Dr. Oz: I have lots of thoughts. I think the wellness center that I’m sitting in right now as speak is a good example of how we change the mindset of so many Americans. People think of health as a penalty. I’ll tell you a story. It’s going to shock you, but it’s a true story.
I was on a plane with a gentleman who had the misfortune of admitting to me that he worked with a company that made a product that children would eat that had a lot of salt in it. I’m not going to mention the company’s name, just to protect them, but the story got interesting when he began to sort of mumble stuff as I was assaulting him about the fact that he had an obligation to these kids to take the salt out of the food. Finally, he looked at me and in a very clear way said, “Ok, I’ve tried to get around this, but I’m just going to tell you the truth. We took the salt out.” I was shocked. I said, “Well, how could that be if I never heard about it?”
He goes, “You never heard about it, because we never told anybody.”
I said, “Well, why wouldn’t you tell people? If you spent all this money taking the salt out of your product, why wouldn’t you brag about it?”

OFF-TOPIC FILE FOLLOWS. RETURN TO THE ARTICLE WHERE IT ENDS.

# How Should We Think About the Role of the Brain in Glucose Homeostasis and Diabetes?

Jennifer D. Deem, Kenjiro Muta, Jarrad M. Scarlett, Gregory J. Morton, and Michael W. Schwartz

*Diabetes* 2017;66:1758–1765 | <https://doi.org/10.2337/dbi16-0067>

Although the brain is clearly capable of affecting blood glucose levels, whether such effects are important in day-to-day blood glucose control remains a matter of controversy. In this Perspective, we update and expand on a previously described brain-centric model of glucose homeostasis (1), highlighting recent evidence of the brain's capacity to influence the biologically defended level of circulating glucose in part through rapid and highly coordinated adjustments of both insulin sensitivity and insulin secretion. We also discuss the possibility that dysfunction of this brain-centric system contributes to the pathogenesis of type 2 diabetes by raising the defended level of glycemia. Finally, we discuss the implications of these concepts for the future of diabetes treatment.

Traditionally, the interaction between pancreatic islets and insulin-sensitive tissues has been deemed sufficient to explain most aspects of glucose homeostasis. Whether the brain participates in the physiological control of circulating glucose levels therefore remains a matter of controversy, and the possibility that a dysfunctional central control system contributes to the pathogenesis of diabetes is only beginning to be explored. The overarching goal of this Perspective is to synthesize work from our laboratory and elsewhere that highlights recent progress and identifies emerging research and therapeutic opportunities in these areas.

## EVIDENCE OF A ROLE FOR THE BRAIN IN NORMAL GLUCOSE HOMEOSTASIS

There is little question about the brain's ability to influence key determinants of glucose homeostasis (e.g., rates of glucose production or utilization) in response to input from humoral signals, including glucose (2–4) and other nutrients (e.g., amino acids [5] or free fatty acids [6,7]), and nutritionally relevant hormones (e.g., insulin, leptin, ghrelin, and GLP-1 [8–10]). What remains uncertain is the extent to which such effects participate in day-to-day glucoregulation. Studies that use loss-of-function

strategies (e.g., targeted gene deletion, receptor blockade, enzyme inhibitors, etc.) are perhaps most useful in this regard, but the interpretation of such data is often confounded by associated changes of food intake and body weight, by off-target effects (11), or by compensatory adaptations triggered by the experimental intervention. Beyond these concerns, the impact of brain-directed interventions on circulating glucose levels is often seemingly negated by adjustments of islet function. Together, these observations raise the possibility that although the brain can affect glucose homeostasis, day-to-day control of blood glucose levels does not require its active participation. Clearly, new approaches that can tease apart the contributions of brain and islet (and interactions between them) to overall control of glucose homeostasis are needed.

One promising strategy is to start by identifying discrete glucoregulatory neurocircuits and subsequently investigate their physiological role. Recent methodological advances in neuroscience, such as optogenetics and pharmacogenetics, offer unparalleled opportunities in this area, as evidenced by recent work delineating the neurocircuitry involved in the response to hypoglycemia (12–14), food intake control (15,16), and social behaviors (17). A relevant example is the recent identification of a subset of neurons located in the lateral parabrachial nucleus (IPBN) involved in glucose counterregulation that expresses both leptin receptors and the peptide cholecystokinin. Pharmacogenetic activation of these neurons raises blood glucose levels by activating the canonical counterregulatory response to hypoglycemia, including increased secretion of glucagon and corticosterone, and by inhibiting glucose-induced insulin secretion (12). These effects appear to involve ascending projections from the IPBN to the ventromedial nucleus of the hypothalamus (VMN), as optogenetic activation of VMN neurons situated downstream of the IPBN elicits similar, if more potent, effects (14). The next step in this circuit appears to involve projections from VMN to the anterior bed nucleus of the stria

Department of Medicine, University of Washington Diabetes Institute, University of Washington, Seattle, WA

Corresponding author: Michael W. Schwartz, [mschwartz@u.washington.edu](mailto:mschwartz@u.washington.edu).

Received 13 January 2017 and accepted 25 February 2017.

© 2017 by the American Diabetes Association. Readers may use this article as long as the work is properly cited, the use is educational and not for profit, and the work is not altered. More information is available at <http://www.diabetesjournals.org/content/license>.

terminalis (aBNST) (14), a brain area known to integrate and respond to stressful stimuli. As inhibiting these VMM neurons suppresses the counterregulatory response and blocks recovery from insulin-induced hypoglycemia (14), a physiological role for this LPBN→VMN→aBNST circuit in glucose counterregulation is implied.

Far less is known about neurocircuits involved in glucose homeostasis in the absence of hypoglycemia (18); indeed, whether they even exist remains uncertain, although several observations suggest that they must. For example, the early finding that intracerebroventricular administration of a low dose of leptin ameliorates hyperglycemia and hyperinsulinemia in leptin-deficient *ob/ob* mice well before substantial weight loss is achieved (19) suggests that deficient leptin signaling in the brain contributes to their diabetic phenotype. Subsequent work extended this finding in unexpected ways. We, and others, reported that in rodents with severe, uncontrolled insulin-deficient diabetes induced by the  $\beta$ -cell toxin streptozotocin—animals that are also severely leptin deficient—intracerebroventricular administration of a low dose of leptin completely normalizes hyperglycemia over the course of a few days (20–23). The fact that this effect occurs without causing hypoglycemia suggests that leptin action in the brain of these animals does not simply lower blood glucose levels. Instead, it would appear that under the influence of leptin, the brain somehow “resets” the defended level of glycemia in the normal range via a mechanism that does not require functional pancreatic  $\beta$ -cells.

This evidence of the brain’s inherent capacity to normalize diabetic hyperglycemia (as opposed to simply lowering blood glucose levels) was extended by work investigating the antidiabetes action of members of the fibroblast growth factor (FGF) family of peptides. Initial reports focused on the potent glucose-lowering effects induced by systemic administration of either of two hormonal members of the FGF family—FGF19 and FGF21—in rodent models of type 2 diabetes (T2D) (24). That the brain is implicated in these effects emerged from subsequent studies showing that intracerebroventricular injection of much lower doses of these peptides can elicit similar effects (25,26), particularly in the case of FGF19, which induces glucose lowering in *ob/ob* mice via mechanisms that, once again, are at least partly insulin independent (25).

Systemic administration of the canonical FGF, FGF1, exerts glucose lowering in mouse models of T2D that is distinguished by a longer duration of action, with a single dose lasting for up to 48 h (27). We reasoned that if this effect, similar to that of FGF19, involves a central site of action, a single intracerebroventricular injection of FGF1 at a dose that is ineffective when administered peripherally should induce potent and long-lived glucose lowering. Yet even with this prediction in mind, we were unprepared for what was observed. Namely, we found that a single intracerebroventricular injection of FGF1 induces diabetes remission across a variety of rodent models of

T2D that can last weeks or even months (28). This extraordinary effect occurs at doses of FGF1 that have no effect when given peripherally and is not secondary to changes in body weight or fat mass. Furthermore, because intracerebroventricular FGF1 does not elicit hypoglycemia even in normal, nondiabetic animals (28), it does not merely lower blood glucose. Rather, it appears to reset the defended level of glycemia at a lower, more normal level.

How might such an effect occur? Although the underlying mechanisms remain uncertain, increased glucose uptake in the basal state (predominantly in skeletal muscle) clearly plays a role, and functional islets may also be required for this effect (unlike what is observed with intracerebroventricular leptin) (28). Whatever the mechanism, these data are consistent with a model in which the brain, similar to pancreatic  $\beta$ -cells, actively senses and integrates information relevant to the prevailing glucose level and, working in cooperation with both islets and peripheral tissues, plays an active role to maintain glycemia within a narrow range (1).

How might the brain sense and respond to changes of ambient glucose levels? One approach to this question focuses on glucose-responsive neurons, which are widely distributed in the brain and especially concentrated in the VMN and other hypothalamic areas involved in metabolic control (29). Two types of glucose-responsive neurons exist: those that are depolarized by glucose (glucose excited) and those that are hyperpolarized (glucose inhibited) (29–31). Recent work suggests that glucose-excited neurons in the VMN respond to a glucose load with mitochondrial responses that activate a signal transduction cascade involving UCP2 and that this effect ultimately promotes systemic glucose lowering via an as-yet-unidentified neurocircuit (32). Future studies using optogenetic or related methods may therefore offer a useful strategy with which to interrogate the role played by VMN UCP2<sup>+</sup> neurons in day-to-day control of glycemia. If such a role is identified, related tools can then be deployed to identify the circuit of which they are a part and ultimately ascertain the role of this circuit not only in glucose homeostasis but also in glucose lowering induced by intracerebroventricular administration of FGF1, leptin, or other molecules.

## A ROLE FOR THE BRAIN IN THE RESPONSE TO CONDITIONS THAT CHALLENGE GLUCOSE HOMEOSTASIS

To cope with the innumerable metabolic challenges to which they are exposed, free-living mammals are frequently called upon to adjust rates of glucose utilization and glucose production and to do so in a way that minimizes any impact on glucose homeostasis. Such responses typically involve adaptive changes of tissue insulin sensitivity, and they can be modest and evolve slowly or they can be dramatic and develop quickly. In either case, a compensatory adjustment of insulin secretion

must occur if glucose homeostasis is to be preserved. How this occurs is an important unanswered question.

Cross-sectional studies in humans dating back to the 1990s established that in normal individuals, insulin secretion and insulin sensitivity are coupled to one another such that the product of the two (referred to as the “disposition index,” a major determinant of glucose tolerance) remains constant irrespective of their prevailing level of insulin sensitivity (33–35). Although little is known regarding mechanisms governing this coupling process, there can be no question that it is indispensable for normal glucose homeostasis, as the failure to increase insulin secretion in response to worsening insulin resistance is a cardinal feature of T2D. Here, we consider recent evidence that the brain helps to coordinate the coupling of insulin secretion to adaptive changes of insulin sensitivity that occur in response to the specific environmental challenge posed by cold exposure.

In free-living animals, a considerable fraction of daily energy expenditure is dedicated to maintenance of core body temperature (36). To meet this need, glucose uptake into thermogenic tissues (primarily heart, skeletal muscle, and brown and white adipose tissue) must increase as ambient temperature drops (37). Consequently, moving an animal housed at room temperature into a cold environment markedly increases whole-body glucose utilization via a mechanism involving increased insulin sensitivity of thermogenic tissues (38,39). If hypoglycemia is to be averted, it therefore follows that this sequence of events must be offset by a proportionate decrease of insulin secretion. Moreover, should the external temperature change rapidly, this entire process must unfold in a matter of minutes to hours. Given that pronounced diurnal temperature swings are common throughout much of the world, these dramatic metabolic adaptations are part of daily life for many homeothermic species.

He said, “Because we did surveys of Americans, and people think that if we make it healthier, it won’t taste good. So, they wouldn’t buy it.”
Now, this is a very good guy, trying to do the right thing. The company invested a lot of money to help America, had to keep it a secret they were making us better, because we equate health to cardboard. Right? The taste will be similar. So, we have to rethink this as well.
I think that the solution is to make health a celebration, not to promise you you’ll live 10 years longer in the future. That’s just a side benefit. You’ll feel better today because of what you’re doing – today. Those happen to be the topics that people resonate to.
You mentioned sleep, the single most underappreciated problem in America. People don’t know how good it is to sleep well anymore. There’s a great series of papers you can look at that claim that about a third of Americans sleep so poorly, they’re dangerous to have on the roads. So, you begin to look at how much we hurt ourselves with something as simple as sleep. There are solutions that probably for half of the people can’t sleep that are easy. For the other half, there are lots of other solutions that centers like the one I’m sitting in can help them with. Sleeping pills, on the other hand, which do help a small number of people are over estimated in the average American’s eyes as being helpful. It doesn’t help more than 10 minutes more sleep on average.